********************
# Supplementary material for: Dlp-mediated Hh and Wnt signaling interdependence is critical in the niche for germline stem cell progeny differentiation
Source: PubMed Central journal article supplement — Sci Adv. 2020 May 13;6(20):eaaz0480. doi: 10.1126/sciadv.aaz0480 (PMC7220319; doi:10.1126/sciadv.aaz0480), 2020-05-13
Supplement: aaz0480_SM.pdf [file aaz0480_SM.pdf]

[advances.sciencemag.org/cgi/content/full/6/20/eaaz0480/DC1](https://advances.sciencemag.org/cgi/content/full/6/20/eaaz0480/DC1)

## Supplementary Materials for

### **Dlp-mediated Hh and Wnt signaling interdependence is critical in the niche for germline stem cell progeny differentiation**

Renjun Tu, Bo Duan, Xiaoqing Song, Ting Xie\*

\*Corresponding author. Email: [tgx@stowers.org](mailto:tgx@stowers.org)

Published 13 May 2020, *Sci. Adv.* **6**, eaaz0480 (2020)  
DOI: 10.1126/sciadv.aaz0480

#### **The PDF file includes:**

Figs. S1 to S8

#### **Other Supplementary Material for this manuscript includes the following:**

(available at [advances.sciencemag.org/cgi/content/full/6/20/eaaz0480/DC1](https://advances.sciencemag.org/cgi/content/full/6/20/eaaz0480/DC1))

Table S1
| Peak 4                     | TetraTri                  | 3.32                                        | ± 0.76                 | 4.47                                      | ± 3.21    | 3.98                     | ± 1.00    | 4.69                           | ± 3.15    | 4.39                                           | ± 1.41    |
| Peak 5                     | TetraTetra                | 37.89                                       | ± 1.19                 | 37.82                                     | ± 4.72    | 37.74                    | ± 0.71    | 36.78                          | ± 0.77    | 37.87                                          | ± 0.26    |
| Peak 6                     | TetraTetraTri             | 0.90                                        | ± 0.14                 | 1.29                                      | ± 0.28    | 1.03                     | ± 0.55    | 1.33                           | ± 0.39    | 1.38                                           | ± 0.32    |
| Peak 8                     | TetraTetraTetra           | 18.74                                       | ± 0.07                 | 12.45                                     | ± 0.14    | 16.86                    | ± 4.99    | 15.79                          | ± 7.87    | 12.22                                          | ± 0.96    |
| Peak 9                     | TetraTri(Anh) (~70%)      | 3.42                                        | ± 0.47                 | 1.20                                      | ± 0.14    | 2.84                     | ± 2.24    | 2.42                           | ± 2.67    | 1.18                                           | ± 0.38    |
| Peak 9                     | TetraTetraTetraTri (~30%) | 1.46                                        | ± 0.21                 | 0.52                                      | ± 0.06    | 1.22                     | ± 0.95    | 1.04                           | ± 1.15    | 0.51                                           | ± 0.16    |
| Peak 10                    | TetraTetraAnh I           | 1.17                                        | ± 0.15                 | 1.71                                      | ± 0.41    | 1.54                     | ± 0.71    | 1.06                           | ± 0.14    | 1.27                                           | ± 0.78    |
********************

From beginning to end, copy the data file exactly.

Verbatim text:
# Supplementary material for: Dlp-mediated Hh and Wnt signaling interdependence is critical in the niche for germline stem cell progeny differentiation
Source: PubMed Central journal article supplement — Sci Adv. 2020 May 13;6(20):eaaz0480. doi: 10.1126/sciadv.aaz0480 (PMC7220319; doi:10.1126/sciadv.aaz0480), 2020-05-13
Supplement: aaz0480_SM.pdf [file aaz0480_SM.pdf]

[advances.sciencemag.org/cgi/content/full/6/20/eaaz0480/DC1](https://advances.sciencemag.org/cgi/content/full/6/20/eaaz0480/DC1)

## Supplementary Materials for

### **Dlp-mediated Hh and Wnt signaling interdependence is critical in the niche for germline stem cell progeny differentiation**

Renjun Tu, Bo Duan, Xiaoqing Song, Ting Xie\*

\*Corresponding author. Email: [tgx@stowers.org](mailto:tgx@stowers.org)

Published 13 May 2020, *Sci. Adv.* **6**, eaaz0480 (2020)  
DOI: 10.1126/sciadv.aaz0480

#### **The PDF file includes:**

Figs. S1 to S8

#### **Other Supplementary Material for this manuscript includes the following:**

(available at [advances.sciencemag.org/cgi/content/full/6/20/eaaz0480/DC1](https://advances.sciencemag.org/cgi/content/full/6/20/eaaz0480/DC1))

Table S1
| Peak 4                     | TetraTri                  | 3.32                                        | ± 0.76                 | 4.47                                      | ± 3.21    | 3.98                     | ± 1.00    | 4.69                           | ± 3.15    | 4.39                                           | ± 1.41    |
| Peak 5                     | TetraTetra                | 37.89                                       | ± 1.19                 | 37.82                                     | ± 4.72    | 37.74                    | ± 0.71    | 36.78                          | ± 0.77    | 37.87                                          | ± 0.26    |
| Peak 6                     | TetraTetraTri             | 0.90                                        | ± 0.14                 | 1.29                                      | ± 0.28    | 1.03                     | ± 0.55    | 1.33                           | ± 0.39    | 1.38                                           | ± 0.32    |
| Peak 8                     | TetraTetraTetra           | 18.74                                       | ± 0.07                 | 12.45                                     | ± 0.14    | 16.86                    | ± 4.99    | 15.79                          | ± 7.87    | 12.22                                          | ± 0.96    |
| Peak 9                     | TetraTri(Anh) (~70%)      | 3.42                                        | ± 0.47                 | 1.20                                      | ± 0.14    | 2.84                     | ± 2.24    | 2.42                           | ± 2.67    | 1.18                                           | ± 0.38    |
| Peak 9                     | TetraTetraTetraTri (~30%) | 1.46                                        | ± 0.21                 | 0.52                                      | ± 0.06    | 1.22                     | ± 0.95    | 1.04                           | ± 1.15    | 0.51                                           | ± 0.16    |
| Peak 10                    | TetraTetraAnh I           | 1.17                                        | ± 0.15                 | 1.71                                      | ± 0.41    | 1.54                     | ± 0.71    | 1.06                           | ± 0.14    | 1.27                                           | ± 0.78    |